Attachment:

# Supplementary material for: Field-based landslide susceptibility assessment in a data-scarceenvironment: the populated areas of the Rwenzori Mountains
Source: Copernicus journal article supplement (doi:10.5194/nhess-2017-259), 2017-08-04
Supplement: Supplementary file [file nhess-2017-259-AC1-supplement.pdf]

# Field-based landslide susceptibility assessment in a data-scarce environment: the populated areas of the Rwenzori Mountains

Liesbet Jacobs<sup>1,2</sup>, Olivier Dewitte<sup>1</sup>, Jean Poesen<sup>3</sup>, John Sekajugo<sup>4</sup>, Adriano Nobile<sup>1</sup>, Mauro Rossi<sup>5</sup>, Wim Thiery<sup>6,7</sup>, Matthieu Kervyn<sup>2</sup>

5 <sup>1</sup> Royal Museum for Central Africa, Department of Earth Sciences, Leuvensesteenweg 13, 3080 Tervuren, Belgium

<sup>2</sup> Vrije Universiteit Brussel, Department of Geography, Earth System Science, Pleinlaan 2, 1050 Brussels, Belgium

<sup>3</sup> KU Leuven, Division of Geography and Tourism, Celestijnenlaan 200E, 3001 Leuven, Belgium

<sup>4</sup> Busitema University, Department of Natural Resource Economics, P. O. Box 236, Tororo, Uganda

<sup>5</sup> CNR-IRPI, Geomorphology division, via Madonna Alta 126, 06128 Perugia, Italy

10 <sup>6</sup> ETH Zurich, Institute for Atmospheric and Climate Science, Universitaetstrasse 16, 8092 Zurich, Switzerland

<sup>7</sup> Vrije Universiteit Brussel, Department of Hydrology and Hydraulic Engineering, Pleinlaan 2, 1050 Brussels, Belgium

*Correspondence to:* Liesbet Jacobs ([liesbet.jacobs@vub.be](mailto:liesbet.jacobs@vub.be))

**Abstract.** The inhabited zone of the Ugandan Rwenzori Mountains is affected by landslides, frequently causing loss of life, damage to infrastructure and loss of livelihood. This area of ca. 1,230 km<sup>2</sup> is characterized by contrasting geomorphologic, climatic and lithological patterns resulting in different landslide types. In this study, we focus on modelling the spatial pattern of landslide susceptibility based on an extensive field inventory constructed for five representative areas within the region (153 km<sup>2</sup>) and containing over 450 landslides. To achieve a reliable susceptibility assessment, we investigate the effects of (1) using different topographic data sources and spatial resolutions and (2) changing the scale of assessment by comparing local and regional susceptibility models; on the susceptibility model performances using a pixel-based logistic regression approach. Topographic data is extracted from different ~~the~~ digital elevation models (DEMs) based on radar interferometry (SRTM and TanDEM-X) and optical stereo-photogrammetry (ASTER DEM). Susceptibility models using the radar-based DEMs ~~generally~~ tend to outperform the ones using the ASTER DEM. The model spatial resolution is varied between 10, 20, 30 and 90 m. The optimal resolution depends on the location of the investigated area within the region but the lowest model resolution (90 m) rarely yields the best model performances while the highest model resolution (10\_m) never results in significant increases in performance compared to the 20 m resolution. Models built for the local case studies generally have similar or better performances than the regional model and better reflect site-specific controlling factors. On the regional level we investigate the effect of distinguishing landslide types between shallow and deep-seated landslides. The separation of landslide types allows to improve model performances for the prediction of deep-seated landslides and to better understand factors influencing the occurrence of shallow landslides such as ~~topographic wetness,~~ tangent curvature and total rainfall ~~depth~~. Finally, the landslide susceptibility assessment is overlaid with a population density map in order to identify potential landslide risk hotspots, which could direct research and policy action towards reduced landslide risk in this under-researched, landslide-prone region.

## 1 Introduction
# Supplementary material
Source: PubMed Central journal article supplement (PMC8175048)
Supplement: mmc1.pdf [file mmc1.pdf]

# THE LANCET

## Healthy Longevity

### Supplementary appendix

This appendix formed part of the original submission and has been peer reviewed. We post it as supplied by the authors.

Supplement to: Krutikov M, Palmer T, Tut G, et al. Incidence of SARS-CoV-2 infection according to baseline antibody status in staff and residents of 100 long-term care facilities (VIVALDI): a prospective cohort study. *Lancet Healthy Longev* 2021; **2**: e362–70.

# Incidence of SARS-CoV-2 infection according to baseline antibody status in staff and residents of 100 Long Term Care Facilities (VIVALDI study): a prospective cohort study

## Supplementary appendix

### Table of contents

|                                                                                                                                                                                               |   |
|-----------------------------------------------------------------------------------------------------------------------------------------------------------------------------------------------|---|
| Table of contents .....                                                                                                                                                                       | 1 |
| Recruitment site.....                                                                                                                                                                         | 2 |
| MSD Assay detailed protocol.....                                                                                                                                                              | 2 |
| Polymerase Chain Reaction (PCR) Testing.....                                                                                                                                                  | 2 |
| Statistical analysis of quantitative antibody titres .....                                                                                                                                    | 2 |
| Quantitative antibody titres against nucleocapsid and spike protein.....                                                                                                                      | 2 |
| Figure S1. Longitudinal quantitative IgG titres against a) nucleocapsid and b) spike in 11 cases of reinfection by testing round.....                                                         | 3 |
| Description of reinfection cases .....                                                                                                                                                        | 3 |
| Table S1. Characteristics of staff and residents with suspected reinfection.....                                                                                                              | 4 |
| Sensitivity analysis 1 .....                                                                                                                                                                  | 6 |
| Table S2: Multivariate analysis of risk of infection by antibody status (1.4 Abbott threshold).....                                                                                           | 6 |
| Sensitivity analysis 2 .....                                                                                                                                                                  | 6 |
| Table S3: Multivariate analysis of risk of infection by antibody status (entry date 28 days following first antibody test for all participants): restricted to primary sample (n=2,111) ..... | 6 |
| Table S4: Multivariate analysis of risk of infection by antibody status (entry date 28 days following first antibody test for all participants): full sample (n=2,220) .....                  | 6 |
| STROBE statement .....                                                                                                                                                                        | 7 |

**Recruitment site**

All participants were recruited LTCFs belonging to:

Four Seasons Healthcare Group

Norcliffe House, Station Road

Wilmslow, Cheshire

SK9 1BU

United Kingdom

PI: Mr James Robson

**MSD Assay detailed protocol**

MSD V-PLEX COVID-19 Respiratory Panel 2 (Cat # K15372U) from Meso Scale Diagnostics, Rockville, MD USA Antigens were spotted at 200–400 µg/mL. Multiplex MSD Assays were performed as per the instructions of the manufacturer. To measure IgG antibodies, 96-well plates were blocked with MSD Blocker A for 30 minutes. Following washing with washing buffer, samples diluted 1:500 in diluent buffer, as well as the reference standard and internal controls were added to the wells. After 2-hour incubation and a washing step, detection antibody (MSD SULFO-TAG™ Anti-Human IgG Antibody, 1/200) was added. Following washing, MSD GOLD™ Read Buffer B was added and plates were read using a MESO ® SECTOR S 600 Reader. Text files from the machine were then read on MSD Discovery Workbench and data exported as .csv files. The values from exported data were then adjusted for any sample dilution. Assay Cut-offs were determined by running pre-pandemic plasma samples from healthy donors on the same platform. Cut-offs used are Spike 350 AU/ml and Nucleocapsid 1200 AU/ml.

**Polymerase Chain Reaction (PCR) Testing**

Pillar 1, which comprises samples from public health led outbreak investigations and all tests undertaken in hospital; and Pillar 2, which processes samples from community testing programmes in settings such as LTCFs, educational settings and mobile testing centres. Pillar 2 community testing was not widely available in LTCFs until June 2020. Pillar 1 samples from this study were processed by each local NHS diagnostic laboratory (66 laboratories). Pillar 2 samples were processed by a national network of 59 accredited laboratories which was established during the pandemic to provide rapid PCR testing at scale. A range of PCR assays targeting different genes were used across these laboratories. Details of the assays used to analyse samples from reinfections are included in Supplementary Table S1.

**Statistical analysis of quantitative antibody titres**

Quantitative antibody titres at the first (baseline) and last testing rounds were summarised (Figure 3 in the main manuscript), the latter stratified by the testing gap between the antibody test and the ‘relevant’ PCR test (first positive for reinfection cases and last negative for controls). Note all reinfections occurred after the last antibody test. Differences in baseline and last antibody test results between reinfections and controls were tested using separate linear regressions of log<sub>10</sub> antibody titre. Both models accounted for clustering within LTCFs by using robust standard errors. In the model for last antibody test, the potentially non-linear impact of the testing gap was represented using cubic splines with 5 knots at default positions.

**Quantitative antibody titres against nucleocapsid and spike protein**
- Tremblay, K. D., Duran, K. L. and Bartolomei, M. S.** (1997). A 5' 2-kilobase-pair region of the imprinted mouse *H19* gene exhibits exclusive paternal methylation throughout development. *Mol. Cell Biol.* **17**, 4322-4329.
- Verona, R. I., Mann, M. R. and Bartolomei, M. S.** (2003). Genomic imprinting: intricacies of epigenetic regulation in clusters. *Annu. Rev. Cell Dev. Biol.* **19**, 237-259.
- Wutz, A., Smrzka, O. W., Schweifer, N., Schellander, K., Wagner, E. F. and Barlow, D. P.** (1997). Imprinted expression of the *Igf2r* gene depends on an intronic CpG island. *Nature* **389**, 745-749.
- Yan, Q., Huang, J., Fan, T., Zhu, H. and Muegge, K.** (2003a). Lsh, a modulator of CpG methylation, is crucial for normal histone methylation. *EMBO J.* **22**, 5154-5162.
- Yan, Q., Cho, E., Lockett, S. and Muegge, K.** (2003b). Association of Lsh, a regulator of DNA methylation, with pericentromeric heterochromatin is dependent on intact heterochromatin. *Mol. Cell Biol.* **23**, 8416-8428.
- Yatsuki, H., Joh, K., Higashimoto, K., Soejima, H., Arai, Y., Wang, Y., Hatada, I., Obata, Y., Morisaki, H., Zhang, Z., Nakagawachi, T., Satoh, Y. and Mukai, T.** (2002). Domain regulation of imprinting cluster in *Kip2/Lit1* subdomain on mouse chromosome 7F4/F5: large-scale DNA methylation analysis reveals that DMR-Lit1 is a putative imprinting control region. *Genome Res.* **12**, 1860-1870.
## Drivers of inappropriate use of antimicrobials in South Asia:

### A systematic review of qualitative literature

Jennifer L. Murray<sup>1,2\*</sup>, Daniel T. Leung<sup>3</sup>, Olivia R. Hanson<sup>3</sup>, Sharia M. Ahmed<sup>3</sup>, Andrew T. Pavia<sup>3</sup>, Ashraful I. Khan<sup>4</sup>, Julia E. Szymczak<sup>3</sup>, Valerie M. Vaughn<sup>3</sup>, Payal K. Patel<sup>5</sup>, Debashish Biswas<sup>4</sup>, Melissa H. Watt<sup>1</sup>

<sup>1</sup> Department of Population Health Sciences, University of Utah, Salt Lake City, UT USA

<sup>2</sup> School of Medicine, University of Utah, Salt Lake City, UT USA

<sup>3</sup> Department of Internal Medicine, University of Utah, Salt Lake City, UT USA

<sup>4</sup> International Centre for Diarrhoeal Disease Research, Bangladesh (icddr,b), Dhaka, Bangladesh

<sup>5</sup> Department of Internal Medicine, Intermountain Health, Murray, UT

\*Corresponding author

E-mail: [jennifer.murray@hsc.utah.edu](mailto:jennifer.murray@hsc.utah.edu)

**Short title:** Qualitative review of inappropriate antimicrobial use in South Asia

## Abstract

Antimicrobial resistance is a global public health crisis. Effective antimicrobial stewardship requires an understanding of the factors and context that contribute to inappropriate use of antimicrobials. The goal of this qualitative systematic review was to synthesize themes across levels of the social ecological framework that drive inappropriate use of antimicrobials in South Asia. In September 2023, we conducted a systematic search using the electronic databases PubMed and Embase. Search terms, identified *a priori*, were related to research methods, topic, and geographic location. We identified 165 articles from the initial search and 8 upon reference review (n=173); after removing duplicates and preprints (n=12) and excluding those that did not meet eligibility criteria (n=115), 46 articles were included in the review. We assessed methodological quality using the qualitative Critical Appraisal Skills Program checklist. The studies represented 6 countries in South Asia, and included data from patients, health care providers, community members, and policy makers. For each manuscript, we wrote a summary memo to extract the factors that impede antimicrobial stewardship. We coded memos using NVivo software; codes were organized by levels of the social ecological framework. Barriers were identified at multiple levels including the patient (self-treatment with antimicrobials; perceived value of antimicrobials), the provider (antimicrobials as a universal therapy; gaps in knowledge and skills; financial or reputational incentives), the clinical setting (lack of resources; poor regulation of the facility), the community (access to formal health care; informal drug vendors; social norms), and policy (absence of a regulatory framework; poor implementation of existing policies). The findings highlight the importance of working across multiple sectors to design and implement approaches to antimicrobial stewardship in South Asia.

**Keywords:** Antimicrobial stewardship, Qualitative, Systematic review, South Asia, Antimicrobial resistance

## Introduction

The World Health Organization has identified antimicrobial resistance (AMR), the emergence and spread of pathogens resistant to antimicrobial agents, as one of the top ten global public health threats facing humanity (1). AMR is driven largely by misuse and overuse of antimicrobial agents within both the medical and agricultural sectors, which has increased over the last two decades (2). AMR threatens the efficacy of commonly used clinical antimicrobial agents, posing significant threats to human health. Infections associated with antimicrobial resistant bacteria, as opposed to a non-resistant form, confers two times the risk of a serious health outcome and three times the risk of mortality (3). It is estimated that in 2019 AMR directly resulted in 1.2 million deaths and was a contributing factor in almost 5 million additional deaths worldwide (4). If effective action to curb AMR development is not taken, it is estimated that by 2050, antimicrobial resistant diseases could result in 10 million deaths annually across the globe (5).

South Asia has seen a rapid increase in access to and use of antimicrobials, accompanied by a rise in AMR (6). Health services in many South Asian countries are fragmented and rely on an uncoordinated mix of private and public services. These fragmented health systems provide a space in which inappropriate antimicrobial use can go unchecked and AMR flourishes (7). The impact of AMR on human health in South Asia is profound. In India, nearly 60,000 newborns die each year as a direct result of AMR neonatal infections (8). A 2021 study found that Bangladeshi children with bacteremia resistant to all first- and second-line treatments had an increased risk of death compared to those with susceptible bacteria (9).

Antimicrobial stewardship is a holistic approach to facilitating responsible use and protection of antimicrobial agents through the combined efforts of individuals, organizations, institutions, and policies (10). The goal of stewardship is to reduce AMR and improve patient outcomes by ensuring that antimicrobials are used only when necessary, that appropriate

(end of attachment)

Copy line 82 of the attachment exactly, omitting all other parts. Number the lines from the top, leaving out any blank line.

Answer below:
Antimicrobial stewardship is a holistic approach to facilitating responsible use and protection of antimicrobial agents through the combined efforts of individuals, organizations, institutions, and policies (10). The goal of stewardship is to reduce AMR and improve patient outcomes by ensuring that antimicrobials are used only when necessary, that appropriate